Our mission is to provide high quality neurons from human induced pluripotent stem cells (iPSCs) for CNS research and drug discovery. We feel strongly that using human iPSC-derived neurons increases the clinical relevance of neuroscience research programs. With iPSC-derived neurons scientists can study and model CNS diseases of clinical importance in the relevant genetic and cellular context. Our approach of directed differentiation yields high quality neurons in batch sizes of more than a billion neurons; enough to supply even the largest project demands. For example, we have used SMA patient-derived motor neurons in high-throughput phenotypic screens of more than 100,000 compounds, which is a scale beyond the scope of primary neurons.
Solid Foundation of our Technology
We direct human stem cells, including iPSCs, to subtype-specific neurons using proven technology developed by Prof. Su-Chun Zhang at the University of Wisconsin-Madison. [1-4]
Our directed differentiation protocols drive stem cells through cell fate determination stages observed during embryonic development.  This means our iPSC-derived neurons are more similar to primary neurons than others’ rapidly differentiated cells.
Our company focuses only on producing neurons and glia, which allows us to dedicate all of our energy manufacturing the purest cultures of physiologically-relevant mature neurons. With less than a dozen products, we can provide the best quality and support for each cell type. Our job is not done when a product is developed; we continue to meticulously optimize each differentiation step to yield a culture that performs reliably and expectedly.
Our production technology allows for massive expansion of cells during directed differentiation. Each batch of neurons yields at least a billion neurons–enough for a thousand 96-well plates! With large batch sizes, customers can expect reproducible results across multiple experiments or an entire high-throughput screening campaign.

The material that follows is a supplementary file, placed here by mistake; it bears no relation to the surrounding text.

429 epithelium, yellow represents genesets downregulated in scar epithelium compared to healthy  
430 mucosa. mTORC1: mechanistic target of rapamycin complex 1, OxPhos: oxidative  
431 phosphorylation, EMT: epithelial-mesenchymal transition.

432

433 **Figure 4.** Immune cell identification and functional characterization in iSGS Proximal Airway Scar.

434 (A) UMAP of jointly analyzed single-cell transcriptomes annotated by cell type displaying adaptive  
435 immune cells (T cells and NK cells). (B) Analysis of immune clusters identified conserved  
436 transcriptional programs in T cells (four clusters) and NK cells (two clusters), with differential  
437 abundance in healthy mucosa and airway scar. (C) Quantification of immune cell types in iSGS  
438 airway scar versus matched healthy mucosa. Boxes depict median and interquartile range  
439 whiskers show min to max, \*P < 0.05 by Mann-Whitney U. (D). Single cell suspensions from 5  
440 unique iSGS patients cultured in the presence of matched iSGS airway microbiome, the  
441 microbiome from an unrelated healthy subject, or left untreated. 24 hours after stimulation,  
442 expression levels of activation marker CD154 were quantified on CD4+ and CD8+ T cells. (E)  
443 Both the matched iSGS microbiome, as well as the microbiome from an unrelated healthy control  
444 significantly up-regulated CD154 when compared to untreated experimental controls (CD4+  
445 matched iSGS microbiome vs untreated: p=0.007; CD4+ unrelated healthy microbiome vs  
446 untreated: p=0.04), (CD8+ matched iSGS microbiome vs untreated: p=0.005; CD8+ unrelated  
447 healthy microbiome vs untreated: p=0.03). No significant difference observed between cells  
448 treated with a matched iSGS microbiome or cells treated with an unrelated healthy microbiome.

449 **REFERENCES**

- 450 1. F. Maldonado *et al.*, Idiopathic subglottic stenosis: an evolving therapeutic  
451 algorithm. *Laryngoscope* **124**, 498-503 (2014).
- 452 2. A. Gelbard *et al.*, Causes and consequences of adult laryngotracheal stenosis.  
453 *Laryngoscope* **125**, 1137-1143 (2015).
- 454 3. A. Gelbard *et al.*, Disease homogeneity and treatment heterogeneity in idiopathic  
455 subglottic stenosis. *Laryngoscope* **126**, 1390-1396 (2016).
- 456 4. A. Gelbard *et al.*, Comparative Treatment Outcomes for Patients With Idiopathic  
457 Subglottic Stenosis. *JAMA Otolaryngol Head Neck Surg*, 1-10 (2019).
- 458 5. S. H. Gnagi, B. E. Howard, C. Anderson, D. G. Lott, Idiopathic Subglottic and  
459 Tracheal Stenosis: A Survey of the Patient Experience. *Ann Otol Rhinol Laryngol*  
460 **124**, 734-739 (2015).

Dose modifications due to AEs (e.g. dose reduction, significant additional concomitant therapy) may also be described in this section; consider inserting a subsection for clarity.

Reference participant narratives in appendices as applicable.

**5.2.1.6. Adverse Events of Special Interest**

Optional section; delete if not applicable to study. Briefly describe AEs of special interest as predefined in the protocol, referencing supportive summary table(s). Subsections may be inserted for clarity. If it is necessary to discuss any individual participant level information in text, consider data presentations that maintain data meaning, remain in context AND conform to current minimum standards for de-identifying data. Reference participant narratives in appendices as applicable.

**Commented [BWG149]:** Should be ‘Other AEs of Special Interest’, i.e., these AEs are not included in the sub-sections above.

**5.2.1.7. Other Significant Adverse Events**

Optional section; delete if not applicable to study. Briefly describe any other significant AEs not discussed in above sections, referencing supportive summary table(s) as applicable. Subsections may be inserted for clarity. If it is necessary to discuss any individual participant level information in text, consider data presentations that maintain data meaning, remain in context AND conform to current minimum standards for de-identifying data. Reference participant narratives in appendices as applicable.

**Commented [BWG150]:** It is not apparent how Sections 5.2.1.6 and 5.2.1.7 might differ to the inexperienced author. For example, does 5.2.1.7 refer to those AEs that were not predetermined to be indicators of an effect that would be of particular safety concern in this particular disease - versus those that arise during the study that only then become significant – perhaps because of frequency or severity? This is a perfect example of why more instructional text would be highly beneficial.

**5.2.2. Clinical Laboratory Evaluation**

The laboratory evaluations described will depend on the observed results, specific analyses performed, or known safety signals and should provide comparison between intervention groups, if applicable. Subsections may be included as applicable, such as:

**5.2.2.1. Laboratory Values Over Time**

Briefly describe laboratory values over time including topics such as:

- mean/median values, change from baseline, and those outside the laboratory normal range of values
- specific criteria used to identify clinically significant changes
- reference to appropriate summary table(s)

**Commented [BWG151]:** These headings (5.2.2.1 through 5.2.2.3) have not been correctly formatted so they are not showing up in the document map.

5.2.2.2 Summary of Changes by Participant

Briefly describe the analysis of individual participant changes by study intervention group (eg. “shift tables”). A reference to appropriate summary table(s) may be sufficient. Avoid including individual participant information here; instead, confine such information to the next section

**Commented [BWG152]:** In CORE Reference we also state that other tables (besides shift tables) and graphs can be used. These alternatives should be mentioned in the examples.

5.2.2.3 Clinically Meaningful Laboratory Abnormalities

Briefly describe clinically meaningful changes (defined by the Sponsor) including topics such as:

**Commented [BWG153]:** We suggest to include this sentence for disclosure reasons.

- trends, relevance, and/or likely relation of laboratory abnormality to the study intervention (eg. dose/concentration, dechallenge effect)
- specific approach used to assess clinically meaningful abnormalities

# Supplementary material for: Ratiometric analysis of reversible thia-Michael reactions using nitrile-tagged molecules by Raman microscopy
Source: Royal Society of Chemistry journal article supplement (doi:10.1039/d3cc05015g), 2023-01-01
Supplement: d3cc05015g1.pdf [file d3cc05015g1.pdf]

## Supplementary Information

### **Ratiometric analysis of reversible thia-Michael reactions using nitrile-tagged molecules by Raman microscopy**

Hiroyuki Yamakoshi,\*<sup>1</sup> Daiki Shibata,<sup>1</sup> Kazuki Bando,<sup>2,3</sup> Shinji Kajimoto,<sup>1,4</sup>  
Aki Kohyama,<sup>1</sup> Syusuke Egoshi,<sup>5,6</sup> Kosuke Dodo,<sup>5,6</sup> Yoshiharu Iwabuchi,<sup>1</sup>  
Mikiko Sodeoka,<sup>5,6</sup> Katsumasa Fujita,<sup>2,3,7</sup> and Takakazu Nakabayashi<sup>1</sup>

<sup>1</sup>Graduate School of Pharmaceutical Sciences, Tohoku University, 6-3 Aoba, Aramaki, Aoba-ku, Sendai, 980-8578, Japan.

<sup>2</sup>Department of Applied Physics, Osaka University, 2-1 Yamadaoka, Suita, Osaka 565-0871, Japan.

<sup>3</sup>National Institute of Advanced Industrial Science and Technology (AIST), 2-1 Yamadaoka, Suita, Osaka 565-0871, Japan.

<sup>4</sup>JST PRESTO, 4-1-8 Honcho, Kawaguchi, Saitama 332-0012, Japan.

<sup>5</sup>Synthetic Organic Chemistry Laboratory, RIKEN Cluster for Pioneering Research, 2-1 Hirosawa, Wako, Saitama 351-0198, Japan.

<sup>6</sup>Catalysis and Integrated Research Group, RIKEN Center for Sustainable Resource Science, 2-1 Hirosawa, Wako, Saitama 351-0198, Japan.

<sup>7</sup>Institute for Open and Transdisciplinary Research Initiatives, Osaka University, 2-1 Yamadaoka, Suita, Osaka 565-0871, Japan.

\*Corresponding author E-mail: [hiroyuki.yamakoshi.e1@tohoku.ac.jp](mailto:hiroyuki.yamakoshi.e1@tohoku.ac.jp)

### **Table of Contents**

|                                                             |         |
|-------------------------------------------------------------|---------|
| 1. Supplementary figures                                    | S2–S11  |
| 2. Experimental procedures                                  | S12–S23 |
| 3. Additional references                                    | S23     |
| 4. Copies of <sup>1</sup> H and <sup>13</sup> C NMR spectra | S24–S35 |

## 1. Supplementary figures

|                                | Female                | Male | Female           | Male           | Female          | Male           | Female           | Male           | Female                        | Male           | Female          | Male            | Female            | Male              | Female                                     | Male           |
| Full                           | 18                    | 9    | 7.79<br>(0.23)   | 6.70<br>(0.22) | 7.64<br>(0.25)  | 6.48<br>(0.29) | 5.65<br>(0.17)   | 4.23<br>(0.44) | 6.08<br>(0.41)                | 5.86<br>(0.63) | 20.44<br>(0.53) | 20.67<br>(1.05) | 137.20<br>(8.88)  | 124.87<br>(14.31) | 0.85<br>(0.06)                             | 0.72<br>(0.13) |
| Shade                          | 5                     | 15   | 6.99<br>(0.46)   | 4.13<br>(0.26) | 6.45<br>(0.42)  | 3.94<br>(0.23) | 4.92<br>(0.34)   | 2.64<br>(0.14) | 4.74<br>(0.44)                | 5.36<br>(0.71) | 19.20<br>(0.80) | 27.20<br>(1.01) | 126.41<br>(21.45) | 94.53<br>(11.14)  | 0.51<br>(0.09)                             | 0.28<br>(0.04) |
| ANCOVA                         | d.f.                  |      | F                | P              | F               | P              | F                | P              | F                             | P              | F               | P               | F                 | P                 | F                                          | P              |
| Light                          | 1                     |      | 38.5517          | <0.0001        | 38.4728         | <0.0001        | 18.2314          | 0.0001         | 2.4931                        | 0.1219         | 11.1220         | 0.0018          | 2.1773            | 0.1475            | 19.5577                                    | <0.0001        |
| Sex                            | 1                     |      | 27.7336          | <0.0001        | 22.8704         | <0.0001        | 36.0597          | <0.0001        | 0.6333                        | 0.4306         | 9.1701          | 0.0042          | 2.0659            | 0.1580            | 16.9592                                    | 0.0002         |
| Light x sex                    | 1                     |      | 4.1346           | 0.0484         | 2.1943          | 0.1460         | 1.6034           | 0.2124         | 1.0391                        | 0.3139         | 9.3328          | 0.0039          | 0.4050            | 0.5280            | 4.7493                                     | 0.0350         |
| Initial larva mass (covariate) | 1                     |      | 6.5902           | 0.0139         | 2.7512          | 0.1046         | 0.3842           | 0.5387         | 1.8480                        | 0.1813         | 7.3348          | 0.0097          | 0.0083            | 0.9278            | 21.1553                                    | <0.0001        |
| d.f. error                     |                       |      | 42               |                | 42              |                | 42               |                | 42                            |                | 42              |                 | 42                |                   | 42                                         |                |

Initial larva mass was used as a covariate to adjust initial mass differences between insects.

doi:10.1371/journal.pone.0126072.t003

Disease Modeling with iPSC-derived Neurons
Traditionally, biomedical research depended on the use of model systems to explore basic biology, probe disease mechanisms, and conduct drug discovery and development. However, results from such systems have low translatability, which limits the number of questions that can be addressed with such systems.  Therefore, a scientist should select a model system with the greatest physiological relevance that is technically and economically feasible for a given project. As technologies improve, more options become available to scientists to improve study design and increase the translatability of each experiment.
For early stage neuroscience and CNS drug discovery efforts, human neurons derived from iPSCs can add value to research programs. Human iPSC-derived neurons can replace non-human primary cells and immortalized human cell lines, which have limited predictive power to drive research in the right direction. In fact, scientists in our group have used patient iPSC-derived neurons to study spinal muscular atrophy (SMA)  as well as amyotrophic lateral sclerosis (ALS).  From these investigations, disease phenotypes were identified that helped inform ongoing drug discovery campaigns.
Brief introduction to BrainXell’s technology
Webinar introducing iPSC-Derived Human Neurons and their applications
Li, X.J., et al., Directed differentiation of ventral spinal progenitors and motor neurons from human embryonic stem cells by small molecules. Stem Cells, 2008. 26(4): p. 886-93. PMID: 18238853
Hu, B.Y., Z.W. Du, and S.C. Zhang, Differentiation of human oligodendrocytes from pluripotent stem cells. Nat Protoc, 2009. 4(11): p. 1614-22. PMID: 19834476
Du, Z.W., et al., Generation and expansion of highly pure motor neuron progenitors from human pluripotent stem cells. Nat Commun, 2015. 6: p. 6626. PMID: 25806427
Liu, H. and S.C. Zhang, Specification of neuronal and glial subtypes from human pluripotent stem cells. Cell Mol Life Sci, 2011. 68(24): p. 3995-4008. PMID: 21786144
Scannell, J.W. and J. Bosley, When Quality Beats Quantity: Decision Theory, Drug Discovery, and the Reproducibility Crisis. PLoS One, 2016. 11(2): p. e0147215. PMID: 26863229
Liu, H., et al., Spinal muscular atrophy patient-derived motor neurons exhibit hyperexcitability. Sci Rep, 2015. 5: p. 12189. PMID: 26190808
Chen, H., et al., Modeling ALS with iPSCs reveals that mutant SOD1 misregulates neurofilament balance in motor neurons. Cell Stem Cell, 2014. 14(6): p. 796-809. PMID: 24704493